Sex has overtaken the conversation at Lyndon State College. After a series of sex columns in the school’s newspaper, The Critic, Elizabeth Norris, professor of fine and performing arts, sent a school wide e-mail asking for columnist Jordan Royer to be expelled.
“I find it rather humorous, because sex is an issue students talk about and engage in every day,” said Nicole McAllister, a Castleton student whose boyfriend attends Lyndon. “Why not publicize it and get students to pick up the paper and read it?”
Norris claimed Royer’s words in his ‘Holy Sheet’s’ column represent the college and go against its “basic principles.” The column has included discussion of the use of pornography to masturbate and ice to arouse sexual partners.
“We all have a responsibility to each other to maintain a standard of dignity and respect toward all of the others in our community,” she said in her e-mail.
Norris’ reaction to the column created enough controversy to start a message board on The Critic’s Web site as well as a Facebook group called “Save Holy Sheet.”
Some responses supported Royer’s right of free speech while attacking Norris’ own as well as her delivery.
“It didn’t upset me,” Royer said, stating that Norris has the same right of speech as he does.
Norris claims that she was not attacking his free speech, but was concerned with the “vehicle” he used since the paper “impacts the entire community.”
Norris said she was concerned that others outside the college community would see the column stating a case where an elementary school teacher took a stack of The Critic to her class to show them college level writing.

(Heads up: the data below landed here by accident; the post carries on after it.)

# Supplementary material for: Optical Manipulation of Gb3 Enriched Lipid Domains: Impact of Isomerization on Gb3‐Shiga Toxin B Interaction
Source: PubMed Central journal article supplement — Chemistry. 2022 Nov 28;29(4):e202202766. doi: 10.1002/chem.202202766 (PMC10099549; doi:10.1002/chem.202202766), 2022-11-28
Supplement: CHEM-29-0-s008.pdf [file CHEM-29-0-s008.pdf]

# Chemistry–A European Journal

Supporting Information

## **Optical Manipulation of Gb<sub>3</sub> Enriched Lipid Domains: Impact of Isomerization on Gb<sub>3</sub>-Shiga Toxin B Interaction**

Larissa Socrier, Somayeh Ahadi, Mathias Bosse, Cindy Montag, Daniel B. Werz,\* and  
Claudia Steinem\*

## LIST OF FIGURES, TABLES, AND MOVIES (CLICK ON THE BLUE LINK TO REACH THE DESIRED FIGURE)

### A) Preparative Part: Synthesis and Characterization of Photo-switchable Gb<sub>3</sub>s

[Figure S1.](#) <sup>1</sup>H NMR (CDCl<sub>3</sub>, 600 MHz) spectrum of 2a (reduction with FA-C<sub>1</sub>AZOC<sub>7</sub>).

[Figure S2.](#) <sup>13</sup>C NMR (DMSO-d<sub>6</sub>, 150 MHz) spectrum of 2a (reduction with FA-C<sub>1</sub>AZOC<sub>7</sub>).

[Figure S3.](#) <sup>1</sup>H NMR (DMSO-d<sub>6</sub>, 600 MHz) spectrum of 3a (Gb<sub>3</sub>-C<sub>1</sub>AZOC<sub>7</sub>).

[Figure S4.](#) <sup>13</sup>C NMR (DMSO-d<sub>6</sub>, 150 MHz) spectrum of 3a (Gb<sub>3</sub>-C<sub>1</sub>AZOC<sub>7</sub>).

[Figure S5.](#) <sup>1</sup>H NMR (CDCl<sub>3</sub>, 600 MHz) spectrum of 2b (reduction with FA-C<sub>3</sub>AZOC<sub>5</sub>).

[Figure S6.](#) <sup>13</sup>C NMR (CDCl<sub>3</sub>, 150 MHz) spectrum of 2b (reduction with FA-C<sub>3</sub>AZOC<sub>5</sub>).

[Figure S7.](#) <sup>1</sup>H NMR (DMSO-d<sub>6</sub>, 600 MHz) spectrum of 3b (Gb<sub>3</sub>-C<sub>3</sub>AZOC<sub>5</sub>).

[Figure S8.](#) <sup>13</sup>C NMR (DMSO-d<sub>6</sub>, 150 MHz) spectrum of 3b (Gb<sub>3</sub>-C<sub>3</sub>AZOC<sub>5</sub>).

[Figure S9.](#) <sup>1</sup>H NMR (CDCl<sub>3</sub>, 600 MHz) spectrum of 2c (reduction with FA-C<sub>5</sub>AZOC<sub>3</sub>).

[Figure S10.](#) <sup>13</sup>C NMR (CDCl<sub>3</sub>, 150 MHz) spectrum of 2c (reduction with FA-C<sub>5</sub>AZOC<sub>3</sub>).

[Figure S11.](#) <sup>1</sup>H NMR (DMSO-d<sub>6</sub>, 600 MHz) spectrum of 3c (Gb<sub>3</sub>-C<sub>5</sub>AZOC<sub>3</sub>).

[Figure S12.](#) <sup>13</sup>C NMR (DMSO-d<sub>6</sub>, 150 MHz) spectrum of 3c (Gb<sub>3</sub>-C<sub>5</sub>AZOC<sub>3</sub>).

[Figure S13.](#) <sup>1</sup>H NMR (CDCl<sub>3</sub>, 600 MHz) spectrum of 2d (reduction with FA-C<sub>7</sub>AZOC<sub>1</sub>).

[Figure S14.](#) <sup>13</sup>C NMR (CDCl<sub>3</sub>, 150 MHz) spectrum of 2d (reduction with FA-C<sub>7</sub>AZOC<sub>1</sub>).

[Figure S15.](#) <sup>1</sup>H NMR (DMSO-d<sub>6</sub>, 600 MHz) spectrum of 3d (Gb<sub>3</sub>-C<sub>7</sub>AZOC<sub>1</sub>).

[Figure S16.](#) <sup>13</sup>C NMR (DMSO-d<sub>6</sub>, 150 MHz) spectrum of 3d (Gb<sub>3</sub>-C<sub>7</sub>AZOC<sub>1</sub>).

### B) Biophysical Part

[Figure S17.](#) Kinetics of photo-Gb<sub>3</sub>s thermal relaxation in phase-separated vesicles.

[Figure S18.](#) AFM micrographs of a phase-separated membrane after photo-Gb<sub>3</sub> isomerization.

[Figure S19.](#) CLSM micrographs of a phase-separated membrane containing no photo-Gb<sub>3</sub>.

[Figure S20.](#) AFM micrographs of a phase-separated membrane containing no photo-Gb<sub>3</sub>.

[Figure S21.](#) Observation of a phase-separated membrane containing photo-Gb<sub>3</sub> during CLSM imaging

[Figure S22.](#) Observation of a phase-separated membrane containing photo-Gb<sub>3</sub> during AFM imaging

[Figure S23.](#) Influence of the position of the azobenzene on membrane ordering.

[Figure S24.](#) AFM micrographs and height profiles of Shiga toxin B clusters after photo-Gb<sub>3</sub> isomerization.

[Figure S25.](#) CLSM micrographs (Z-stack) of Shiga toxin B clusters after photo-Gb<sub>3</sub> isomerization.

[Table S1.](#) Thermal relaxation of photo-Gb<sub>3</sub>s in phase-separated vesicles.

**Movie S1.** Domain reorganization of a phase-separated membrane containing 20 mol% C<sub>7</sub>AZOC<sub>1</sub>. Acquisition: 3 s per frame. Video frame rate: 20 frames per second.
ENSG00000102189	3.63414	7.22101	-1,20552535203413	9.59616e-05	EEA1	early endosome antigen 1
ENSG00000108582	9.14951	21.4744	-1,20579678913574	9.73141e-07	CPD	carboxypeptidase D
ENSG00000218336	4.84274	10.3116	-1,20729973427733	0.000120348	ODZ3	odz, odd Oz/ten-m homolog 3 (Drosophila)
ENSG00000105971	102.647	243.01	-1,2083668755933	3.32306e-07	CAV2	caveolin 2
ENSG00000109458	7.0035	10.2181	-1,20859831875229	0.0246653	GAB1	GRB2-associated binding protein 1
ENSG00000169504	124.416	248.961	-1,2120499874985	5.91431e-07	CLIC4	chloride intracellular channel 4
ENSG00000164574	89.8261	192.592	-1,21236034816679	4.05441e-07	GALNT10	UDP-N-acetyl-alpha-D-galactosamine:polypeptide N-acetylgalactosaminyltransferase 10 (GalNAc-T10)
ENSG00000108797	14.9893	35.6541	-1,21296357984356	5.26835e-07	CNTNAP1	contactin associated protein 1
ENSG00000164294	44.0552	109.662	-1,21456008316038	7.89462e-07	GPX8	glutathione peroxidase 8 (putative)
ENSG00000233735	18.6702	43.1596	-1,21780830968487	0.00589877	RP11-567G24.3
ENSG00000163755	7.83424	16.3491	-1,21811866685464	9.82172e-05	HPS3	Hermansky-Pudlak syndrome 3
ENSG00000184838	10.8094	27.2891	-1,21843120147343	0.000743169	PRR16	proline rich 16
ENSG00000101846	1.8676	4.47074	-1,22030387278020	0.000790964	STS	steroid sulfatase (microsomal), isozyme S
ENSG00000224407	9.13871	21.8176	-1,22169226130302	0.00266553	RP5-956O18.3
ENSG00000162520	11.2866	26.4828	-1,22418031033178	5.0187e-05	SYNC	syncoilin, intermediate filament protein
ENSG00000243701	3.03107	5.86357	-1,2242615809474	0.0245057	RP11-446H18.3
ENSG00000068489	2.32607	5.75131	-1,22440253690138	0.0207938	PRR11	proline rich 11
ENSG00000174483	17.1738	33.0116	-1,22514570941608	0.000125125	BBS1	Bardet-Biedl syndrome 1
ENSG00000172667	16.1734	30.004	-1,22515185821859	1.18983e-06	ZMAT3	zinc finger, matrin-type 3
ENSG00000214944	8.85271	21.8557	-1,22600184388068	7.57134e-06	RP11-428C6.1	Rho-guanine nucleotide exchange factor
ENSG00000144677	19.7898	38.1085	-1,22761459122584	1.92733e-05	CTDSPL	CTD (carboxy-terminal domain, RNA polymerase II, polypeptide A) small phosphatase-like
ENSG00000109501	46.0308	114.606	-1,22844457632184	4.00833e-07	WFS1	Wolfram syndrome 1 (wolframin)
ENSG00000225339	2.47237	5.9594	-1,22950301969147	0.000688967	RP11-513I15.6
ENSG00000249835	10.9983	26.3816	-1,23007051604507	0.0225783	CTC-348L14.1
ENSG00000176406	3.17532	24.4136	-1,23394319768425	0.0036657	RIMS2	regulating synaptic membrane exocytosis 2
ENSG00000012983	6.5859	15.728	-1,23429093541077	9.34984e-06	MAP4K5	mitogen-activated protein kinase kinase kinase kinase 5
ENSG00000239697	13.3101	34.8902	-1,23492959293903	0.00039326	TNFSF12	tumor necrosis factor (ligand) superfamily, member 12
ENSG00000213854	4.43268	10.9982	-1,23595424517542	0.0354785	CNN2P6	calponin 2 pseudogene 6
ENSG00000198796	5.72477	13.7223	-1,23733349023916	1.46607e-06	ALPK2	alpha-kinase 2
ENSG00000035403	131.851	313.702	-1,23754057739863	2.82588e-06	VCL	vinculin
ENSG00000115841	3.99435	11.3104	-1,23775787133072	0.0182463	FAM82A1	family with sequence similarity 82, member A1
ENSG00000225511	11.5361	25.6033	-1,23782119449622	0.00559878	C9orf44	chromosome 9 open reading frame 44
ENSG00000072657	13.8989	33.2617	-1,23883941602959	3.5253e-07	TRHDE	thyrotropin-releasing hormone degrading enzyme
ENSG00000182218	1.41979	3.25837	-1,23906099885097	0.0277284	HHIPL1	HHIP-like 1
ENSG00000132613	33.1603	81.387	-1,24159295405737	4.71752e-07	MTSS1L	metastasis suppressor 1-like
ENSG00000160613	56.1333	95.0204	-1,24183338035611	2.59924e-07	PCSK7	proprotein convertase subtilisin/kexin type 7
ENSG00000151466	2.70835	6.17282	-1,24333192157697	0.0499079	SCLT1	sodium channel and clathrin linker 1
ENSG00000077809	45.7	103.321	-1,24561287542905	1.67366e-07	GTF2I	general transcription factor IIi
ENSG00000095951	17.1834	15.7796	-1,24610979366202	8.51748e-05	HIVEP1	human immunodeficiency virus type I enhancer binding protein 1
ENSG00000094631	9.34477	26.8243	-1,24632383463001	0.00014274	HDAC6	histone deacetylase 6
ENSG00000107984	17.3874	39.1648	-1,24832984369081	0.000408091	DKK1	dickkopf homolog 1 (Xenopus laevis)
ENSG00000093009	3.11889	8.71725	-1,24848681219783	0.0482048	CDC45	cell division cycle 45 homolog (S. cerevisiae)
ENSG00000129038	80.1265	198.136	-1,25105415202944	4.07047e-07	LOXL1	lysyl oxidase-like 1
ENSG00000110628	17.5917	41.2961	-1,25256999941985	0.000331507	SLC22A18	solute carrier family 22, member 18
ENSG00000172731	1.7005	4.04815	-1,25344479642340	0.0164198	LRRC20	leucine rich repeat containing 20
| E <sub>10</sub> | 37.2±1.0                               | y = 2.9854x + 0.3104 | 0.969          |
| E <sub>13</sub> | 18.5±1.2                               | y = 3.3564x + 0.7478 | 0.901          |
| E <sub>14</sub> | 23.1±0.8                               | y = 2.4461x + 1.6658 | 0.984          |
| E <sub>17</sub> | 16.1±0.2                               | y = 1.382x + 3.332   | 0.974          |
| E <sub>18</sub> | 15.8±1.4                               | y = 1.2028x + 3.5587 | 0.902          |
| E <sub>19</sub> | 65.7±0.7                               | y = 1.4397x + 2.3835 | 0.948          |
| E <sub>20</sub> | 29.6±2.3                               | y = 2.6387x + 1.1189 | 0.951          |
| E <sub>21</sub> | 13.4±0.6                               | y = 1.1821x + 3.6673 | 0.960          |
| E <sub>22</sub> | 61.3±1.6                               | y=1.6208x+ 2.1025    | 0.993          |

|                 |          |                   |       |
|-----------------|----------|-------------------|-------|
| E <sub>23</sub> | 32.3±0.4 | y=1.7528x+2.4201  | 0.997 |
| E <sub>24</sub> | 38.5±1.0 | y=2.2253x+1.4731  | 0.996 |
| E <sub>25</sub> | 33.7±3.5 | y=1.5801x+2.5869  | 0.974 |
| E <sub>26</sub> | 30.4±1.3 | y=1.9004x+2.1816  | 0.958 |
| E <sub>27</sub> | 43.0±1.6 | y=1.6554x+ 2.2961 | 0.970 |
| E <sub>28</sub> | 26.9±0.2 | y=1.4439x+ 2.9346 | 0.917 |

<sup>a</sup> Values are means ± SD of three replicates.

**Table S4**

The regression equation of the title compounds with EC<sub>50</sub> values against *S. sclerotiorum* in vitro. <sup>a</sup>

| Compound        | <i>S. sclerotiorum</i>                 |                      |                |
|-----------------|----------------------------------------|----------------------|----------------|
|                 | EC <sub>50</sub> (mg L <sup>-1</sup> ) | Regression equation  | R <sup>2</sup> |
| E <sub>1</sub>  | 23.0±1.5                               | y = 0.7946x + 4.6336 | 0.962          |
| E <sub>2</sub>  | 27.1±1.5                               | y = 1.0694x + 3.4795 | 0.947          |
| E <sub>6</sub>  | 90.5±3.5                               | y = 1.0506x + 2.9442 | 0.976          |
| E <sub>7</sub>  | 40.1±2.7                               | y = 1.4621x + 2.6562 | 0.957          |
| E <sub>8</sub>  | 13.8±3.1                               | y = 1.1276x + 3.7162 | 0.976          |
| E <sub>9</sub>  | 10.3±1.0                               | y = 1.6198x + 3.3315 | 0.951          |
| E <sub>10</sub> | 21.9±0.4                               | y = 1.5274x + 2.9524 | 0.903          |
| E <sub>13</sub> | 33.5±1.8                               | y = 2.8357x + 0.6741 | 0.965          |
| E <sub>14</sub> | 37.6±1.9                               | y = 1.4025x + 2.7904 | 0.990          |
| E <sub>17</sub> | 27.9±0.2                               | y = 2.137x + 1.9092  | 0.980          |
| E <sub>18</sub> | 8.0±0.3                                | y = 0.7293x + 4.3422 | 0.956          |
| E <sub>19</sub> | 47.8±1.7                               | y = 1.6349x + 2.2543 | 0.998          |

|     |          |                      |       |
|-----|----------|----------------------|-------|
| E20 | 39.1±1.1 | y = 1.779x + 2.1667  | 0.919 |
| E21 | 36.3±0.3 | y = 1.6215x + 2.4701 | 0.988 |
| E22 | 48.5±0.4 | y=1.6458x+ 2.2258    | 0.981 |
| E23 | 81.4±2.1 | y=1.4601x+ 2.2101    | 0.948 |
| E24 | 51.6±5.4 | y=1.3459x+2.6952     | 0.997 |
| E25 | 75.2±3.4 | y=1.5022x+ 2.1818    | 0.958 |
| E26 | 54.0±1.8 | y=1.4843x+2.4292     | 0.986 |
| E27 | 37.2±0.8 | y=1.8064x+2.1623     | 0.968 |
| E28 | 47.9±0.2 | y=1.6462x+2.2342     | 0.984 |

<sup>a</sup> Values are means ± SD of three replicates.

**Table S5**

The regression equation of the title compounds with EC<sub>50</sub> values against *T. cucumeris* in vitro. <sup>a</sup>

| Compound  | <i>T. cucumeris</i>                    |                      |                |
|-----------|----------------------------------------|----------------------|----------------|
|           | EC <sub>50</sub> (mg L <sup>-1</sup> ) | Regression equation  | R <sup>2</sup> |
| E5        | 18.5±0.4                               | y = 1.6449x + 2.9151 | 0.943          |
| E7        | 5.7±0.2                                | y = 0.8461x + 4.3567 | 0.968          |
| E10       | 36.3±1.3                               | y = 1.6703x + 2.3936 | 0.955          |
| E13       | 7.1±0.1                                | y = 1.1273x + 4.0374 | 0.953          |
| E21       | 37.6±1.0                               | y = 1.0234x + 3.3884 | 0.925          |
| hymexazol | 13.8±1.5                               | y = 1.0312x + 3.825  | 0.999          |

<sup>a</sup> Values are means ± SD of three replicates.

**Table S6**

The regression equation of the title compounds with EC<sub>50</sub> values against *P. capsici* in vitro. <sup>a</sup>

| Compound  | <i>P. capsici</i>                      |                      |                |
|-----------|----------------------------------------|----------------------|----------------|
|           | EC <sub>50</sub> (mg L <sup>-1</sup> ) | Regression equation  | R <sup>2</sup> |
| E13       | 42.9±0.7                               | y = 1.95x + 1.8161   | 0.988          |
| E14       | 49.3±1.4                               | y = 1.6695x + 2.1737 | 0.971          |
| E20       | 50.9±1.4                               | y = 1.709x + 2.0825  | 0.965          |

“They trusted us as an institution,” Norris said. “Damage was done.”
Others agreed with Norris that Royer’s comments are over the top.
Tricia Pennypacker posted on the message board that while she is glad The Critic allows its writers to have their freedom, Royer used “careless liberty” and should put “wisdom behind [his] controversy – or even humor.”
Even the faculty advisor, Dan Williams, admitted having issues with some of the columns’ content, though not to the column itself.
Deb Choma, Castleton’s nurse famous for her “Sex with Deb” talks, was dumbfounded when she heard about the incident.
“It’s all about the students,” she said, “not about the faculty. If a student or students complain, then it should be addressed.”
She said as long as the column is written in a healthy and educational way, she saw nothing wrong with having a sex column, though she didn’t see the need for one at Castleton.
No action will be taken against Royer, and the newspaper has no plans to pull the column.
“Over the last two weeks, it’s become pretty popular,” Royer said. “To stop running it would be foolish. We’ll run it as long as people read it.”
One thing that both sides agree on is that the controversy sparked a great deal of debate.
“It’s an important discussion,” Norris said. “I don’t know where the line is, but I know faculty can show they stand for something important.”
Williams also said the discussions raised by the column were interesting.
“I’m glad it came up,” he said.